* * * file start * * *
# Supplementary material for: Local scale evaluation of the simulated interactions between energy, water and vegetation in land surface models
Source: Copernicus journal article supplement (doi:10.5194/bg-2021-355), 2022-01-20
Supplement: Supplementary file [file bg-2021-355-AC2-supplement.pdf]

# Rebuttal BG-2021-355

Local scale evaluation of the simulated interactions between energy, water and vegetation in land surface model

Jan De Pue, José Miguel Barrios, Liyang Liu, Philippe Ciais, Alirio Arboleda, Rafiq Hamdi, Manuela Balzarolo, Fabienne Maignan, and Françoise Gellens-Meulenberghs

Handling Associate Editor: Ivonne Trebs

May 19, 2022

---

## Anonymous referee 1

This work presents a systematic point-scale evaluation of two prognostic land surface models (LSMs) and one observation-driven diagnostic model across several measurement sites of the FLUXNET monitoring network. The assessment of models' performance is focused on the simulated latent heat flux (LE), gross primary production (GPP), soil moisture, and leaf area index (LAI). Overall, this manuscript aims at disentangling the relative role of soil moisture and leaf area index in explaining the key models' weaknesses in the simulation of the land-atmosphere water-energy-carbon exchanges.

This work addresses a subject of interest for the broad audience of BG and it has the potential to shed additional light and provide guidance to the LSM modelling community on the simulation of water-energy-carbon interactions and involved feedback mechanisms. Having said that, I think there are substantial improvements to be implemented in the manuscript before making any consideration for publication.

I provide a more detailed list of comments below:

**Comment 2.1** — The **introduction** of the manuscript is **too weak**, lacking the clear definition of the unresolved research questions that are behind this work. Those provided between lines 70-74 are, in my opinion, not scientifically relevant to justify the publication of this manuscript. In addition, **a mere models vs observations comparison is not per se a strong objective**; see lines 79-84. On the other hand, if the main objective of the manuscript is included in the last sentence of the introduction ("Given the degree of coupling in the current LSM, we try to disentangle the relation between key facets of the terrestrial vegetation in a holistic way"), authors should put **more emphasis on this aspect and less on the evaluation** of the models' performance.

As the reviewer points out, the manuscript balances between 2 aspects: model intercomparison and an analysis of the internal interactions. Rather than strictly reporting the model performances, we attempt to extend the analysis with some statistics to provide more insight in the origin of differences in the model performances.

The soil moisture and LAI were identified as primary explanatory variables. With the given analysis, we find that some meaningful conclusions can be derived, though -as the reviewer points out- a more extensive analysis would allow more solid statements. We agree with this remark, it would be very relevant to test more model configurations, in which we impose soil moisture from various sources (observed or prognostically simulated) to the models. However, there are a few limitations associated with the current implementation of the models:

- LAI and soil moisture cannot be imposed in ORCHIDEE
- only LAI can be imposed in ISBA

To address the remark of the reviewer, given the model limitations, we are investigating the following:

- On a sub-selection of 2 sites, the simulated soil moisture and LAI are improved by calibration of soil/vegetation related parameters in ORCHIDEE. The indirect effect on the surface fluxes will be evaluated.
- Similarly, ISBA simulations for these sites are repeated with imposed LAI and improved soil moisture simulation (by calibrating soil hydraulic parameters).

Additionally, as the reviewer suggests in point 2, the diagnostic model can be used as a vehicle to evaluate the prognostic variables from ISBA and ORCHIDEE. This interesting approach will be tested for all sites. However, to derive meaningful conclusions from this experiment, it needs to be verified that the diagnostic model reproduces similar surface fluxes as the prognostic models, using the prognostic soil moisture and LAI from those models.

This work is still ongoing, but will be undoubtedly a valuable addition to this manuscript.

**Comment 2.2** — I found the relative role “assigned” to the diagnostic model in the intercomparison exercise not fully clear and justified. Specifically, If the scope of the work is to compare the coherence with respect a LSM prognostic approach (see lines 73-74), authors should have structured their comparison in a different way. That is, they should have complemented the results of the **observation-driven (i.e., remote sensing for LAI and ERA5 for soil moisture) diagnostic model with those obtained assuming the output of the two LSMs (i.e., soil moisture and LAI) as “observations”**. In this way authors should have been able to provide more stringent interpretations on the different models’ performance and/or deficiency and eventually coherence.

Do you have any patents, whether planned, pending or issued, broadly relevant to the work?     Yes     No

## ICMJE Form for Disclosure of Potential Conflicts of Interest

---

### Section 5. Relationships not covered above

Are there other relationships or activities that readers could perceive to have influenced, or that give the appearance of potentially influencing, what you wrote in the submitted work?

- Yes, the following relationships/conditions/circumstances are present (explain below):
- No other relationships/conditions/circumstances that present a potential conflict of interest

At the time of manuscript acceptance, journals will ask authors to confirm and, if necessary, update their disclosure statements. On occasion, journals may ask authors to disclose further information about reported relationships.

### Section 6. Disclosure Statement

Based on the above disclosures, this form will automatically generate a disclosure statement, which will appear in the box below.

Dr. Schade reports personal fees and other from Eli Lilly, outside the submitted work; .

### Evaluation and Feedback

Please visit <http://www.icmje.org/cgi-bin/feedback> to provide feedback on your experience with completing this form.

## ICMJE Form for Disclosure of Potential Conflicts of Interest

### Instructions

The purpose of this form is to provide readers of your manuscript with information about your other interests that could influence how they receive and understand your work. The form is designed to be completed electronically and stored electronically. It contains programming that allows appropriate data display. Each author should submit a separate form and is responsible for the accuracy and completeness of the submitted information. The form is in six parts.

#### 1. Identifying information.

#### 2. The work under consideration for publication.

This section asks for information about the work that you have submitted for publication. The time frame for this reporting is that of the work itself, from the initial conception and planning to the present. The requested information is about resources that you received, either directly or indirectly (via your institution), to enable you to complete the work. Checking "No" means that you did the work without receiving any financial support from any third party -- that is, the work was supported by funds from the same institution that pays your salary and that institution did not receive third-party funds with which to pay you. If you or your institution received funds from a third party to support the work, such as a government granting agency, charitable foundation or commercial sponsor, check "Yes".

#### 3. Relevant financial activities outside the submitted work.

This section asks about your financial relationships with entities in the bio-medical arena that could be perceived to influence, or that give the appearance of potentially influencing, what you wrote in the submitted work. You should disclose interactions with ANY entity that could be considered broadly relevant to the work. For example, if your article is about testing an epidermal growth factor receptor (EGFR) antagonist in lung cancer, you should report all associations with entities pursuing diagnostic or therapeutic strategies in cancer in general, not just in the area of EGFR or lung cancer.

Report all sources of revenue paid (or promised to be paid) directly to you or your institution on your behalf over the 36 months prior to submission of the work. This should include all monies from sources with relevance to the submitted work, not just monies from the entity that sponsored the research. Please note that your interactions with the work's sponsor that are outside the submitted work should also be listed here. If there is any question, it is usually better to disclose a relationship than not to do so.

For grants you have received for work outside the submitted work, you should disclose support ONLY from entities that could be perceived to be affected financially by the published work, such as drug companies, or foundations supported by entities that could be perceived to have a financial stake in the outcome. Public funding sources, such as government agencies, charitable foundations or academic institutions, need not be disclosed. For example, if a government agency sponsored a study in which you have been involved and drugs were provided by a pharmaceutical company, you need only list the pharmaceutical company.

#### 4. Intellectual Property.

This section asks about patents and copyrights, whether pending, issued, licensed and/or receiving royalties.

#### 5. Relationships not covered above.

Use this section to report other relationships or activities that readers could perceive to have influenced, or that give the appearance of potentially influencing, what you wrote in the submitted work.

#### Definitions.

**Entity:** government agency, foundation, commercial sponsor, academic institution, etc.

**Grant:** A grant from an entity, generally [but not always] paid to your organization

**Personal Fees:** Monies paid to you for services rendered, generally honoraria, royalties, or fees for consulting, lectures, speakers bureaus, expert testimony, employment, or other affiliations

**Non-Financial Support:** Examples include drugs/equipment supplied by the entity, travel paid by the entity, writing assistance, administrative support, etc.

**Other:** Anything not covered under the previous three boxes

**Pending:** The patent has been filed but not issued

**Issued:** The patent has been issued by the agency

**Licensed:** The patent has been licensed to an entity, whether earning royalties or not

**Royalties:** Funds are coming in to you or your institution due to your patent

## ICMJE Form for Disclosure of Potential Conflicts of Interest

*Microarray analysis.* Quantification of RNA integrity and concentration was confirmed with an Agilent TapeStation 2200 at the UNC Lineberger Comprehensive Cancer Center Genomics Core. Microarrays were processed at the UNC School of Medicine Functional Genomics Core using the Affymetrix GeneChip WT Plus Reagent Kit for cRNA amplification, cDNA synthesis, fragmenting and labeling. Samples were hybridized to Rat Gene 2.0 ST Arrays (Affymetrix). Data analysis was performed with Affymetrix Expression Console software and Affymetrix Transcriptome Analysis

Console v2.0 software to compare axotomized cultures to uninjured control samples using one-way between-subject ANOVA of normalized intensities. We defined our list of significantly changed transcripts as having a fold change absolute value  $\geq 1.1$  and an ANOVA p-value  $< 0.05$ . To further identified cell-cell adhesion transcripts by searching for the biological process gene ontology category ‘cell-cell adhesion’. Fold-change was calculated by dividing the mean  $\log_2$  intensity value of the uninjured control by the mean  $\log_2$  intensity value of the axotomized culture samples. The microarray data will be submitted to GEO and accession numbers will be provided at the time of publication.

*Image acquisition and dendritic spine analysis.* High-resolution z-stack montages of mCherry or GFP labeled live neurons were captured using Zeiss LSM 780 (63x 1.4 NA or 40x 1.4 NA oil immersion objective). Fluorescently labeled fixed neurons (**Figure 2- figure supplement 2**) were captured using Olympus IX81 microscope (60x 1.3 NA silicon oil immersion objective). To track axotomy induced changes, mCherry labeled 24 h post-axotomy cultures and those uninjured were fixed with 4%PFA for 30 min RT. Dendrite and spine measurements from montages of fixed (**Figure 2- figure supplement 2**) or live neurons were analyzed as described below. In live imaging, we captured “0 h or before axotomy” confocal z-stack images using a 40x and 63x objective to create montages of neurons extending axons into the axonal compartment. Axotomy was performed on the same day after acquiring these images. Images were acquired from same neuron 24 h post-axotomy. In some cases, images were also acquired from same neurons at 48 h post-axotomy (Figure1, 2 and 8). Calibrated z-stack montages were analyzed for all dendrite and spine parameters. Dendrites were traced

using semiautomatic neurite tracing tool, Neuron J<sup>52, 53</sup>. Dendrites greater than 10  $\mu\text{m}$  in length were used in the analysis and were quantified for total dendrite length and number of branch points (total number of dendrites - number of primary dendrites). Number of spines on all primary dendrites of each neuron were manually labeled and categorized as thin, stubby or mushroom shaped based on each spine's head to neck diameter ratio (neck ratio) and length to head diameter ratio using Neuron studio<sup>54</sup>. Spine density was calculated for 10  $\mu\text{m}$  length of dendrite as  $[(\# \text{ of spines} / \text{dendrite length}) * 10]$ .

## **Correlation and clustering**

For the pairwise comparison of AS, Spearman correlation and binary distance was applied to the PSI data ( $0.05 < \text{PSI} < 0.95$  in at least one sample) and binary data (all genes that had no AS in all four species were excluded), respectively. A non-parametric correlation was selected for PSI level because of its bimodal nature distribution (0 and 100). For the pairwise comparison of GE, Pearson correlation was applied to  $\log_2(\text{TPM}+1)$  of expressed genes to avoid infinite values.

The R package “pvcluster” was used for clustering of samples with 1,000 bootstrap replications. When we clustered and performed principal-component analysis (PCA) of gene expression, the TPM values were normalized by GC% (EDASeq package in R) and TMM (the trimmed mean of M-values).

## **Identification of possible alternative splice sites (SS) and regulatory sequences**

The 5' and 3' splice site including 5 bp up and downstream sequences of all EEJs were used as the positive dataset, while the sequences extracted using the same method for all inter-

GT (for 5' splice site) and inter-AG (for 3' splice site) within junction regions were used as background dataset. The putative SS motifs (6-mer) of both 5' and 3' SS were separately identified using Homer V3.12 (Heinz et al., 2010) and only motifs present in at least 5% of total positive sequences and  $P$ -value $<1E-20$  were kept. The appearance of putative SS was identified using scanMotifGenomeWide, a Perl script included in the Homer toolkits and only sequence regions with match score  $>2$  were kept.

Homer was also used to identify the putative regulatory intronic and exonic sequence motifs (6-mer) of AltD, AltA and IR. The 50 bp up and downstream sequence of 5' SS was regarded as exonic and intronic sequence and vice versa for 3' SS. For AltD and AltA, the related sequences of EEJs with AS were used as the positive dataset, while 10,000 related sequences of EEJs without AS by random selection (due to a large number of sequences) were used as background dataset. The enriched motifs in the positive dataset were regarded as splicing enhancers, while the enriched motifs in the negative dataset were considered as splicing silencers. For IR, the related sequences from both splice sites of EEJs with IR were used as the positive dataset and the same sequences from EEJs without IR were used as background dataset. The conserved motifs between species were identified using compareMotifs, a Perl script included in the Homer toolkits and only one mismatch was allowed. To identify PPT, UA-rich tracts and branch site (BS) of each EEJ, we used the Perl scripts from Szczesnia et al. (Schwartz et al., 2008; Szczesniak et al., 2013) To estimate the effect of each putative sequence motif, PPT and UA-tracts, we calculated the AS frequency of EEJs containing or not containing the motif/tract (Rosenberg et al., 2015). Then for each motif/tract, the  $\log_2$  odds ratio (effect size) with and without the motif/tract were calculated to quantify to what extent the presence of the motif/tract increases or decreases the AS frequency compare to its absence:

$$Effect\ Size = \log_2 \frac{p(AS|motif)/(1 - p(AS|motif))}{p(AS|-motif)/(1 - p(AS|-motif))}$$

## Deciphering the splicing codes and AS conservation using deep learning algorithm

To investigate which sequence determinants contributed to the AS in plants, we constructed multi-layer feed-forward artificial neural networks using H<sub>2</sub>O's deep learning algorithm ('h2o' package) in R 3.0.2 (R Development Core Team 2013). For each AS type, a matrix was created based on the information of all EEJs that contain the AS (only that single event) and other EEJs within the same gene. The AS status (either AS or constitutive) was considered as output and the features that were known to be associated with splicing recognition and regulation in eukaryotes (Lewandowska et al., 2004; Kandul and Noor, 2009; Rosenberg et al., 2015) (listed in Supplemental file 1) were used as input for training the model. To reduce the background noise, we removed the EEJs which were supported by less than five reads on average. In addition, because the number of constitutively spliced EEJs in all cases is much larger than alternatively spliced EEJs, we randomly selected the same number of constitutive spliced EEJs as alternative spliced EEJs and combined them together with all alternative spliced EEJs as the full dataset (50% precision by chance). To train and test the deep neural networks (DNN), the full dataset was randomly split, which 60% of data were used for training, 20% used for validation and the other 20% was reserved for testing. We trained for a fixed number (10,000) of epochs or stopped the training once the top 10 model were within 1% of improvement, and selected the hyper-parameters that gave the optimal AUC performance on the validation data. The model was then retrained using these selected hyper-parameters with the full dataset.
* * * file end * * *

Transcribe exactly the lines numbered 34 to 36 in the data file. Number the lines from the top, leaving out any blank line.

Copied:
Based on the above disclosures, this form will automatically generate a disclosure statement, which will appear in the box below.

Dr. Schade reports personal fees and other from Eli Lilly, outside the submitted work; .

### Evaluation and Feedback